The AMA, the largest group of its kind with a membership numbering around a quarter of a million people, stood by its endorsement. It lauded Price’s background in the medical field (the first doctor nominated to the post since 1989), “understanding of the many challenges facing patients and physicians today, and his willingness to listen directly to concerns expressed by the AMA and other physician organizations,” according to a Dec. 1 statement from AMA Board Chair Patrice Harris.
Harris added that supporting the nomination did not equate to supporting every policy he has proposed, noting that a bottom line for any proposed health-care reform would be to ensure no one loses health insurance coverage. The AMA will “actively engage Dr. Price, other leaders in the incoming Trump administration and Congress in discussions on the health system’s future direction,” she wrote.
The AMA, which pushed for Obamacare, would not officially comment further on the Dec. 9 letter.
Its comments on Price’s nomination came in sync with endorsements from other major health-care industry groups: the Association of American Medical Colleges, the American Academy of Family Physicians and America’s Health Insurance Plans, among others.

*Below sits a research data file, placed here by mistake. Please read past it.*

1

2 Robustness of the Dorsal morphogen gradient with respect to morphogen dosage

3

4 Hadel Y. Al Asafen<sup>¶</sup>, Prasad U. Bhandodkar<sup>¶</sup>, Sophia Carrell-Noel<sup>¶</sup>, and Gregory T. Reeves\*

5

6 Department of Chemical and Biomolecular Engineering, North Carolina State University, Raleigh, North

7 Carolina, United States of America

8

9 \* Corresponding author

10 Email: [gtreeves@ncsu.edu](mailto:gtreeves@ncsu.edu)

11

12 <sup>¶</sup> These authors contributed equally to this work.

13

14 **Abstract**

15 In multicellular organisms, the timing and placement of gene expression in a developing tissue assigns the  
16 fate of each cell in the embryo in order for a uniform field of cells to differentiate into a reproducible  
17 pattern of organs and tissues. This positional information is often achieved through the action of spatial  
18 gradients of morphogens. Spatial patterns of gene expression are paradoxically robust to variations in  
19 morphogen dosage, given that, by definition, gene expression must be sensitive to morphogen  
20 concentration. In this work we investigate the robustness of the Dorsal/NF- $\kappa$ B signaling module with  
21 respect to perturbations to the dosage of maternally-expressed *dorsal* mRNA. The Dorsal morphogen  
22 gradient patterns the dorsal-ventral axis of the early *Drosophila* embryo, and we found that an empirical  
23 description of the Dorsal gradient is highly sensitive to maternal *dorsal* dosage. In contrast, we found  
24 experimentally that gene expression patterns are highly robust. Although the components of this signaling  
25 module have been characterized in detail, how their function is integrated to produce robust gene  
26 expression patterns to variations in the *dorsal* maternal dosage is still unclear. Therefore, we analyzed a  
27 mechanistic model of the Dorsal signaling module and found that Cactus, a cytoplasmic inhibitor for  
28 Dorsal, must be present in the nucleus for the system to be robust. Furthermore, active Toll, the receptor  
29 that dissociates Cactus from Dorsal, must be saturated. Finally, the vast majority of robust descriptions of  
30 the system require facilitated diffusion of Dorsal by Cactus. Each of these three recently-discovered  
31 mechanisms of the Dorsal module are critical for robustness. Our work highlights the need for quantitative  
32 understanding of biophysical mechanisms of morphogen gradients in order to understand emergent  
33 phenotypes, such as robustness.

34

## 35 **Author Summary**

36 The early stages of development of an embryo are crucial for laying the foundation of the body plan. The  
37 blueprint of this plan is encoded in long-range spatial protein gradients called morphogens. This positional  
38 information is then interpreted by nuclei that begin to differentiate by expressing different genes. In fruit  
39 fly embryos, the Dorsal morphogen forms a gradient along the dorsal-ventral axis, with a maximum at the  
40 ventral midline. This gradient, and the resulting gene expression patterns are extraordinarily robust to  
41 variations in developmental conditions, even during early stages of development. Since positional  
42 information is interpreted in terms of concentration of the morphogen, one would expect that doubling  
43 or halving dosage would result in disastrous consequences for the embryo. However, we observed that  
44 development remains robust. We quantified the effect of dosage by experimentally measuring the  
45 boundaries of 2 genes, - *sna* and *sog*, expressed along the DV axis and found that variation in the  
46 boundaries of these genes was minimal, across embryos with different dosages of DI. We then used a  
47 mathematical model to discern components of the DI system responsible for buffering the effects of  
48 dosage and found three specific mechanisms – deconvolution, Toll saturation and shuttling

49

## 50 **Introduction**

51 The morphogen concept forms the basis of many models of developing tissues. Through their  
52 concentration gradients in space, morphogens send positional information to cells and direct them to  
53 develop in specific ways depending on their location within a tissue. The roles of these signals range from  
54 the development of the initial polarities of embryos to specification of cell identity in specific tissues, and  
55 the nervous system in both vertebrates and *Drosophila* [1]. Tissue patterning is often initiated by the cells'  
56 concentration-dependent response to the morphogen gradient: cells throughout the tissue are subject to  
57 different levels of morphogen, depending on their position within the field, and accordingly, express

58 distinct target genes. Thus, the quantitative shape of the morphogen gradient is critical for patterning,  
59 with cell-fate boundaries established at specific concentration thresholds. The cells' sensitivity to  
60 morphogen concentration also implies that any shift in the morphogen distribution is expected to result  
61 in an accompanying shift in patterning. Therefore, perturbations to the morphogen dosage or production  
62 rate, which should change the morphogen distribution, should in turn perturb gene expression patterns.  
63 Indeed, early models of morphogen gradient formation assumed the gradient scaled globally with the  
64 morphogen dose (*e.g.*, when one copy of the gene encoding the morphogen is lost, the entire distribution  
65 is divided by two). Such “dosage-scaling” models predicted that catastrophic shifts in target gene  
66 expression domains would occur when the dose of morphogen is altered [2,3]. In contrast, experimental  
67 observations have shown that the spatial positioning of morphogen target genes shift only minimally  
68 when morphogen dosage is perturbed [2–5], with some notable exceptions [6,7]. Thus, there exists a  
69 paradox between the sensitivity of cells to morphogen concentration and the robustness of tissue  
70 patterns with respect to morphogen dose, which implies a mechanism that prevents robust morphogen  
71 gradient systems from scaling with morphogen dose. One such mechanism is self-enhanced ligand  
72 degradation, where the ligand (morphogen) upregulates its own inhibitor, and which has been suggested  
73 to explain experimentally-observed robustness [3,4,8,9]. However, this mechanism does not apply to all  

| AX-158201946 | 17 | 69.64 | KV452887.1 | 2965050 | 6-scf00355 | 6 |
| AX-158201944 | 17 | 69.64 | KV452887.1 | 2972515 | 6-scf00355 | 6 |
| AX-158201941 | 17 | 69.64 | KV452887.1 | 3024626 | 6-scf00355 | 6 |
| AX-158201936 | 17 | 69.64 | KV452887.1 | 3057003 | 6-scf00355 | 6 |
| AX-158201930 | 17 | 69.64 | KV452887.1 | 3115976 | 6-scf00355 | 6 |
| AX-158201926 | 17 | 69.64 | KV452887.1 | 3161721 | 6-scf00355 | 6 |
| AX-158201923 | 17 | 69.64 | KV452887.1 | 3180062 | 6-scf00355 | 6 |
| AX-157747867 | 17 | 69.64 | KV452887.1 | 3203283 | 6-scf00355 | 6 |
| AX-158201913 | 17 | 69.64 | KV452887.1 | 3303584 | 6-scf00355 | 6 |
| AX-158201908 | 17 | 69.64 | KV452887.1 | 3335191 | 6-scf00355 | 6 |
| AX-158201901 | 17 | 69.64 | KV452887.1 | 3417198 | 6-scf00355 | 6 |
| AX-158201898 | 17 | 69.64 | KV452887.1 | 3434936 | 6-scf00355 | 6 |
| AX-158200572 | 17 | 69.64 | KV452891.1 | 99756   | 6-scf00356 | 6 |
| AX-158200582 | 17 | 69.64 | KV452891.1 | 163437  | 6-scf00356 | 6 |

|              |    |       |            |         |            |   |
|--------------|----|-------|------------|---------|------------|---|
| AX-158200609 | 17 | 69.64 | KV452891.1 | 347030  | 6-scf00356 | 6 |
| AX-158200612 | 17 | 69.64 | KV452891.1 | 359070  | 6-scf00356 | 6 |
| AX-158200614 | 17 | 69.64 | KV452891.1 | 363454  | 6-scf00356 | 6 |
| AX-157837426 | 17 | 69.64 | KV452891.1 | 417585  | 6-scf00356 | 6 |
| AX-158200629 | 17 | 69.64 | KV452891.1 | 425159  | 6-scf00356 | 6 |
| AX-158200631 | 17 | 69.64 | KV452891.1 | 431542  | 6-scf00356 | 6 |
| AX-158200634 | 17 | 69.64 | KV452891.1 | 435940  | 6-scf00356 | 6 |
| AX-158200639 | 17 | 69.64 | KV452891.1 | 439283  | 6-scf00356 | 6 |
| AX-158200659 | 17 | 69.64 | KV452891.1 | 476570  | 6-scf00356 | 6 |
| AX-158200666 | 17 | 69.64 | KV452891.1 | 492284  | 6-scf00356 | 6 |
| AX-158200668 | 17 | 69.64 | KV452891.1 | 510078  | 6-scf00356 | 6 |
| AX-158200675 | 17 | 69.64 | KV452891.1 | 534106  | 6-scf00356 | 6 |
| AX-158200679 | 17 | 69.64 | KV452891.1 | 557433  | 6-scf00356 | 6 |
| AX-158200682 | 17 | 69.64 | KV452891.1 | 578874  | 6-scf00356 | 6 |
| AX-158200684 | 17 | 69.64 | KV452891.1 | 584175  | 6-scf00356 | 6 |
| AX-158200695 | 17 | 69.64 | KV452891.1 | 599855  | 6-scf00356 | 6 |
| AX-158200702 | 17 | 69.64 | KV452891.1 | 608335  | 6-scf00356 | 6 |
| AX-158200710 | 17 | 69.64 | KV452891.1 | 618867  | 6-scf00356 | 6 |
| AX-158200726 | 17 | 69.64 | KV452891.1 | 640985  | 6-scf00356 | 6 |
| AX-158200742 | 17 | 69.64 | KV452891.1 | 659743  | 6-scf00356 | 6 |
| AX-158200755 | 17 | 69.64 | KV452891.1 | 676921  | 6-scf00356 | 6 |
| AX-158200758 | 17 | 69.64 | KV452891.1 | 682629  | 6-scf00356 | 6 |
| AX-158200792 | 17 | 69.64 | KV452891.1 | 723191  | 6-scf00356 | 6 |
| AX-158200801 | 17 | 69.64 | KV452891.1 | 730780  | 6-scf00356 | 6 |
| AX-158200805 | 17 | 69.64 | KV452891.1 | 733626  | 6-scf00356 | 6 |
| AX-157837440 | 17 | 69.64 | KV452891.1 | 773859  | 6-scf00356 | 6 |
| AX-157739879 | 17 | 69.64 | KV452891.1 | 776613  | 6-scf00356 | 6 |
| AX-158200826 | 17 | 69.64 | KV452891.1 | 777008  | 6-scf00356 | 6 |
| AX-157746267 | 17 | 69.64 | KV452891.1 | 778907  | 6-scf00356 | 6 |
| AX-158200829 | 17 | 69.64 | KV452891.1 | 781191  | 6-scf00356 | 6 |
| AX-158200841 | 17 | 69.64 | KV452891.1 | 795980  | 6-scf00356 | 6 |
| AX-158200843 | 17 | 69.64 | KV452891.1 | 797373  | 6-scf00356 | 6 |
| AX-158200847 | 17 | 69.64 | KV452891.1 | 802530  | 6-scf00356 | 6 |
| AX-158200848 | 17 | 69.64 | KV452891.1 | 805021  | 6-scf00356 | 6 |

Dr. Jane Zhu, a national clinician scholar in the same University of Pennsylvania medical school as Chhabra, said the Clinician Action Network’s grassroots organizing was not about Trump’s election victory and being “sore losers.” Nor was the call-out against the “loud, but minority voice” intended to attack the medical association, Zhu, who co-wrote the letter, added.
But instead, the authors told Bloomberg BNA the goal was to stand up for their patients, many of whom had benefited from ACA provisions such as expanded Medicaid, substance-abuse treatment benefits and birth control coverage. Though they “don’t think we’re naive” and believe Price will be confirmed to head the top health-care agency, they hope the conversation will reassure patients that not all doctors are on board. The letter also aims to encourage other health-care providers to get involved.
“Now is the time to really speak up to make sure we don’t go back on any of the progress we’ve made in the past few years,” Zhu said.
“It’s impossible now to take care of patients without paying attention to the political and social context in which that’s done,” she said.
The Clinician Action Network was formed out of conversations in the weeks following Trump’s election and has grown from 60 or 70 members to a few thousand e-mail members, the organizers said. The nonpartisan entity, which does not receive outside funding, said it verified the names of doctor signatures on the letter by taking random samples of unfamiliar names and checking them against national provider identification numbers. They deleted some fake names they found, but the number stands around 5,000.
“I don’t think there are a lot of interdisciplinary groups whose sole purpose is speaking out on behalf of patients and patient care,” Chhabra said. “In that way, because we’re not affiliated with a party or other organizations or parties at this point, hopefully that gives us a distinct voice as we start to advocate for the policies we’re recommending.”